In Refermat v. Lancaster Central School District, 14-CV-0712, 2018 WL 3640220 (W.D.N.Y. Aug. 1, 2018), the court adopted a Magistrate Judge’s Report and Recommendation to grant defendant’s summary judgment motion as to plaintiff’s constructive discharge claim, but to deny it as to plaintiff’s hostile work environment and retaliation claims.
In this blog post I will discuss the court’s evaluation of plaintiff’s hostile work environment claim.
As to that claim, the court explained the applicable law:
The “because of” inquiry in a hostile work environment case is a question of intent—that is, “the reasons for the individual plaintiff’s treatment.” Brown v. Henderson, 257 F.3d 246, 252 (2d Cir. 2001) (emphasis omitted). As with most forms of scienter, discriminatory intent must often be proven with circumstantial evidence, because “direct evidence of that intent will only rarely be available.” Holcomb v. Iona College, 521 F.3d 130, 137 (2d Cir. 2008). Thus, as the Second Circuit has repeatedly recognized, resolving questions of intent—particularly in employment discrimination cases—“often requires an assessment of individuals’ motivations and state of mind, matters that call for a sparing use of the summary judgment device because of juries’ specialized advantages over judges in this area.”
The court next applied the law:
With this standard in mind, the Court agrees with Judge Roemer that summary judgment is inappropriate for the Plaintiff’s hostile work environment claims. Viewing the evidence in the light most favorable to the Plaintiff, the District has failed to show that Mowry’s intent is not genuinely disputed. The Plaintiff recognizes that she has no “smoking gun” evidence of intent. Docket No. 47 at 3. Thus, evidence of intent in this case “requires some circumstantial or other basis for inferring that incidents sex-neutral on their face were in fact discriminatory.” Alfano v. Costello, 294 F.3d 365, 378 (2d Cir. 2002). The Plaintiff has offered circumstantial evidence from which a jury could reasonably infer that Mowry’s alleged harassment was “because of” her gender and age.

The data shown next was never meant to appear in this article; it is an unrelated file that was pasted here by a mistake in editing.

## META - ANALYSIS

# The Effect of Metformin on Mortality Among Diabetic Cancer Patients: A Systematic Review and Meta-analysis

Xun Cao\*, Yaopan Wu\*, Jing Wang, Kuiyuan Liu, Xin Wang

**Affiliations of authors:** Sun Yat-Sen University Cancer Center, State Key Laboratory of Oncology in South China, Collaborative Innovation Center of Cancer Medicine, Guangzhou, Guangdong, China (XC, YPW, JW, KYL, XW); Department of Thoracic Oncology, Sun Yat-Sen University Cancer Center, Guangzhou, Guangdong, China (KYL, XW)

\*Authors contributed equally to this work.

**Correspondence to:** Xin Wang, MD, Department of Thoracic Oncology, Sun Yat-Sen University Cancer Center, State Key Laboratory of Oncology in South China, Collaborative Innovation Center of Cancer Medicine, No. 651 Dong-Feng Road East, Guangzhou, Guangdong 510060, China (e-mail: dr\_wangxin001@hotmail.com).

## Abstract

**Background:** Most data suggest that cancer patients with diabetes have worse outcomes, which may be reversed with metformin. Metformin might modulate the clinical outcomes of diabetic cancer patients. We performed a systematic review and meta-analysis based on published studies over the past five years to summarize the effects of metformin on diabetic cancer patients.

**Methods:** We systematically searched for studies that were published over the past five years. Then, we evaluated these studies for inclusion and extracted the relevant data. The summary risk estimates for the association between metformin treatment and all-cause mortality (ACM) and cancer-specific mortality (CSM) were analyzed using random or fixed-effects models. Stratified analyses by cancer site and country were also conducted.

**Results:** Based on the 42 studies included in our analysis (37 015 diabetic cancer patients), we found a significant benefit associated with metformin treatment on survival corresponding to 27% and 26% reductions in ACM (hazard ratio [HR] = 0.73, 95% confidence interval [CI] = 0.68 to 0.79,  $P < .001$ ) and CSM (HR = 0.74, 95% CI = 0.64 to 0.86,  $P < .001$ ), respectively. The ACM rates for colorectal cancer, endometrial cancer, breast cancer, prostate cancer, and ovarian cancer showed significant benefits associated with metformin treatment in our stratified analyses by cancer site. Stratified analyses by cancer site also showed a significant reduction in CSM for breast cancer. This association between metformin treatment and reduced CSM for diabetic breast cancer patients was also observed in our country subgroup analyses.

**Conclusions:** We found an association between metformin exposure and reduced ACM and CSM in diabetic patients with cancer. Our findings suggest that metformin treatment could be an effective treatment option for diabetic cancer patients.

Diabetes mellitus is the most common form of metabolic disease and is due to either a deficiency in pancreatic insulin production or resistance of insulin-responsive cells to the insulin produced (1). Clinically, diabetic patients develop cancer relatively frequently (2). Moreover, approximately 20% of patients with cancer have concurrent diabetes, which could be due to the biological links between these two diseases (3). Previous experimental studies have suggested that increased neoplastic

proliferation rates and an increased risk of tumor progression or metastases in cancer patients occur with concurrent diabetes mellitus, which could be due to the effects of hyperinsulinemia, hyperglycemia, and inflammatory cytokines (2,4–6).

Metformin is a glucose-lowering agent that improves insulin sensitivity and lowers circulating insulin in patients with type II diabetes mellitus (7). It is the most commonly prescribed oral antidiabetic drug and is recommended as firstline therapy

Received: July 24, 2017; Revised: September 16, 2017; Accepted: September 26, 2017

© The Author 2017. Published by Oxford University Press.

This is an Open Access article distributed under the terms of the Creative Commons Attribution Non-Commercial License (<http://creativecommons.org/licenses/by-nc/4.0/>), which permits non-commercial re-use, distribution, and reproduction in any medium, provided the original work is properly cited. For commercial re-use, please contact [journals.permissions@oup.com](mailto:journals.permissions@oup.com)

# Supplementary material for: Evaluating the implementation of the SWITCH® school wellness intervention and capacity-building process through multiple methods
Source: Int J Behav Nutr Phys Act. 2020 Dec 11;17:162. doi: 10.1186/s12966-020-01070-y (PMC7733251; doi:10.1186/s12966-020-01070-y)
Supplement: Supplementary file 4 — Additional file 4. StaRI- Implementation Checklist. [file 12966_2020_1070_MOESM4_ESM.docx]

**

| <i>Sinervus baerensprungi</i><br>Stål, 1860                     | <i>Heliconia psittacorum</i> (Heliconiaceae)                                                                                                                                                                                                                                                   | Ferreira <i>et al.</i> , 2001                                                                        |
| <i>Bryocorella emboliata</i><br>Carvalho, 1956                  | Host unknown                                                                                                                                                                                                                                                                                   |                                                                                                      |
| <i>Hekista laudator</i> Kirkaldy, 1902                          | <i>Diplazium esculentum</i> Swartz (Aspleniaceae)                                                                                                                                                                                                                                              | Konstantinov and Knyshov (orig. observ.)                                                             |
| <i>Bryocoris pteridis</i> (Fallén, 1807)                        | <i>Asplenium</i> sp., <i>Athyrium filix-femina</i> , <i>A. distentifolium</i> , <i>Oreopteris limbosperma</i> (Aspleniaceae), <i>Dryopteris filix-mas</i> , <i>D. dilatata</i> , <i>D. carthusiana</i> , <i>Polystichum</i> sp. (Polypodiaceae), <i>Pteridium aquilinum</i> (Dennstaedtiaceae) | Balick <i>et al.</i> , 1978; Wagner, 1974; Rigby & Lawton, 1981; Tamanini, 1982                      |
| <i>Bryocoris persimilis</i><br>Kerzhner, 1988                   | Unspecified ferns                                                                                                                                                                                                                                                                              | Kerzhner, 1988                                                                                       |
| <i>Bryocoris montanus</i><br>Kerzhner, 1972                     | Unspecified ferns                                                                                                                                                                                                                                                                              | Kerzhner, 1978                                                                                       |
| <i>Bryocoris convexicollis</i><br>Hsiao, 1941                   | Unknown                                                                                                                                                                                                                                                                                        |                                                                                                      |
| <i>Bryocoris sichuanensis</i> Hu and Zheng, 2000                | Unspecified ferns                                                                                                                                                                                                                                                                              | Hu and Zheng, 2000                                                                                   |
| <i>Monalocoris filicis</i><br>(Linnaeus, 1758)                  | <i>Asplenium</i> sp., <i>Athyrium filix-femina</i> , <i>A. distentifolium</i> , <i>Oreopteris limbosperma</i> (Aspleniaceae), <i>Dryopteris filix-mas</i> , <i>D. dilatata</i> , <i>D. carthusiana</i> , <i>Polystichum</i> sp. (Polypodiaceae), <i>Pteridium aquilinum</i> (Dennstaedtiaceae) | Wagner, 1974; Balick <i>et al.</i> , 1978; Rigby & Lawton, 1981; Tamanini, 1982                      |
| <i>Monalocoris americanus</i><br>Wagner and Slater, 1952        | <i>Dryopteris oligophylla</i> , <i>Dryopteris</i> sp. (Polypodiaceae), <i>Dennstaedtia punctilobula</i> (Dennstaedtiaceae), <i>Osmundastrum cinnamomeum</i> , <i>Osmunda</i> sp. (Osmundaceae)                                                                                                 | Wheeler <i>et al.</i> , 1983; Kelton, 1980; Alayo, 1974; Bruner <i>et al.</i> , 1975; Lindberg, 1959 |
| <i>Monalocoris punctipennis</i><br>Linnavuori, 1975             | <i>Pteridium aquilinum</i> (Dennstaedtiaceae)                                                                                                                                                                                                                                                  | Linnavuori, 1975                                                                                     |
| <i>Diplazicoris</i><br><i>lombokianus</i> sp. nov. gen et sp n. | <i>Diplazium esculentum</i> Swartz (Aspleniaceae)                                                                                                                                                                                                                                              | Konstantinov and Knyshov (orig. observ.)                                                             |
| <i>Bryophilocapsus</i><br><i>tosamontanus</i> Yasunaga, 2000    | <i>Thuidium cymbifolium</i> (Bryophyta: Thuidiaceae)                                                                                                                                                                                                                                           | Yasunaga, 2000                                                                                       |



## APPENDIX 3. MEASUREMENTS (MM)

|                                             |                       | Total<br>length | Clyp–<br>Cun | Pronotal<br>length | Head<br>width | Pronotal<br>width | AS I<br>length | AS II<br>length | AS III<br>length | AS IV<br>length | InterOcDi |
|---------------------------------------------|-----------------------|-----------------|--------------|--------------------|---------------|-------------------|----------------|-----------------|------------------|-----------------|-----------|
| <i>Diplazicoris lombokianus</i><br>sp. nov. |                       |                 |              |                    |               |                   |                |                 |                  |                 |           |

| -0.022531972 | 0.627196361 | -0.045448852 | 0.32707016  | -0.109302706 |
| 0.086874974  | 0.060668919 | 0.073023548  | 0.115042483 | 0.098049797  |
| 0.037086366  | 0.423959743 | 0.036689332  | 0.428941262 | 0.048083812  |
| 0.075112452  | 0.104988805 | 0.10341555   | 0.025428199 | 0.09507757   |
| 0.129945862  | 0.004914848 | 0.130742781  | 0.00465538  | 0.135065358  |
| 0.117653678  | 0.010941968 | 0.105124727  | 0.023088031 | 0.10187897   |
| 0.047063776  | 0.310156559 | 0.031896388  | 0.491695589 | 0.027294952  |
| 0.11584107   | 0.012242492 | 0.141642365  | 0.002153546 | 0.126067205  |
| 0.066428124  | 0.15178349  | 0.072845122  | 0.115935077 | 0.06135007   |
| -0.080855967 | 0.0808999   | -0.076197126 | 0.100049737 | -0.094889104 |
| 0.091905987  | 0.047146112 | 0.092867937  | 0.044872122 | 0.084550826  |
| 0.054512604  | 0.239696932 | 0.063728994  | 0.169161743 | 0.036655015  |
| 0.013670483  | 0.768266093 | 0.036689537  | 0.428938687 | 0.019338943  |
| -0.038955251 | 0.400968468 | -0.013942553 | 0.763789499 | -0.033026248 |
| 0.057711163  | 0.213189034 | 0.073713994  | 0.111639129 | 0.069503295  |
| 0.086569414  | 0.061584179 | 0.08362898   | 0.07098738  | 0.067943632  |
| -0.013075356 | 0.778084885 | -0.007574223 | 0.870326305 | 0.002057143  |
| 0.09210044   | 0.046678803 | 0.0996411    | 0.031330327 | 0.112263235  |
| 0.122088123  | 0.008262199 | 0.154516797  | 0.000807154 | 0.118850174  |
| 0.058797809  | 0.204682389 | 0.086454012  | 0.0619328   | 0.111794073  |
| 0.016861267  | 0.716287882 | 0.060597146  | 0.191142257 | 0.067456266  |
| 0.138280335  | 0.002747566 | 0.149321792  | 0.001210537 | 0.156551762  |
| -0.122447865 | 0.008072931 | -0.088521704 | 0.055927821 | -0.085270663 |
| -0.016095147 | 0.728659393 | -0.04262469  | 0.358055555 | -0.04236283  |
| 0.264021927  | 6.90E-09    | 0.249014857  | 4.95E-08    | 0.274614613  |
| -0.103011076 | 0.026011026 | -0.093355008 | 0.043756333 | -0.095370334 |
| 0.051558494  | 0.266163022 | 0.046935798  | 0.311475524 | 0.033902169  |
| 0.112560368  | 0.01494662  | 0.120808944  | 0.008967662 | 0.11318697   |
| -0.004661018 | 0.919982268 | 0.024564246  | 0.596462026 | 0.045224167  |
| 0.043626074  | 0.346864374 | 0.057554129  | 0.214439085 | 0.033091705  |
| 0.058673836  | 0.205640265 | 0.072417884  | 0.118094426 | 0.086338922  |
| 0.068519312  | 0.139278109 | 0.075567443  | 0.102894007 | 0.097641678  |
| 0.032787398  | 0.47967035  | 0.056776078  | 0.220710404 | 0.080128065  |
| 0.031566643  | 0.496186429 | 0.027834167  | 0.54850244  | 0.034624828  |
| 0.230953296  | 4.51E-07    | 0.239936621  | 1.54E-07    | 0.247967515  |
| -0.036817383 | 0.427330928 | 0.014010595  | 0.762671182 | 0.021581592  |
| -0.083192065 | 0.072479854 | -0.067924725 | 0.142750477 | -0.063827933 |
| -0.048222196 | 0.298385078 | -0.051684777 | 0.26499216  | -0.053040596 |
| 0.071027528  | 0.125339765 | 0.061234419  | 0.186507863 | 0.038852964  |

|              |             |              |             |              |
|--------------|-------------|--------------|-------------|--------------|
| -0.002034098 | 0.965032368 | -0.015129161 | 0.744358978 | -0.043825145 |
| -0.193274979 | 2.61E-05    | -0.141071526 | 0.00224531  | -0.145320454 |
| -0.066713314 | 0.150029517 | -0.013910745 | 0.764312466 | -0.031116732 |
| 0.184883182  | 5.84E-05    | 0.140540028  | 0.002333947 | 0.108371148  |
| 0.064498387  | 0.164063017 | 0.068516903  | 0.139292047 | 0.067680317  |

The Plaintiff, for instance, offered evidence that Mowry offered a younger female employee various forms of special treatment (Docket No. 34-8), and that he declined to suspend that employee—who admitted being “chronically several minutes late to work”—while suspending an older female employee who “was also chronically late to work.” Id. at 3. The Plaintiff also offered other evidence (some of it, to be sure, somewhat conclusory) alleging that Mowry treated older, female employees differently than younger male and female employees. See, e.g., Docket No. 34-10 ¶ 2 (“I have observed older women that were summoned to Supervisor Mowry’s office for discipline leaving very upset and some even crying, while younger females leave smiling and laughing.”); Docket No. 34-14 (“Mr. Mowry has an established record as to the harassment of older women. His behavior is quite different toward younger women/men. I was there when older women resigned because of the harassment and threats they received from Mr. Mowry. I was there when an older female complained because her bus was cold so Mr. Mowry to have her wash her bus [sic] outside in sub-zero temperatures.”); Docket No. 35 ¶¶ 10-12, 30 (“I worked at the District for over 20 years and I never witnessed [Mowry] yell at, intimidate or demean men the way he did [the Plaintiff] and I.”) As Judge Roemer concluded, “this evidence is sufficient to raise a triable issue of fact as to whether Mowry’s conduct was undertaken based upon [P]laintiff’s age and gender.”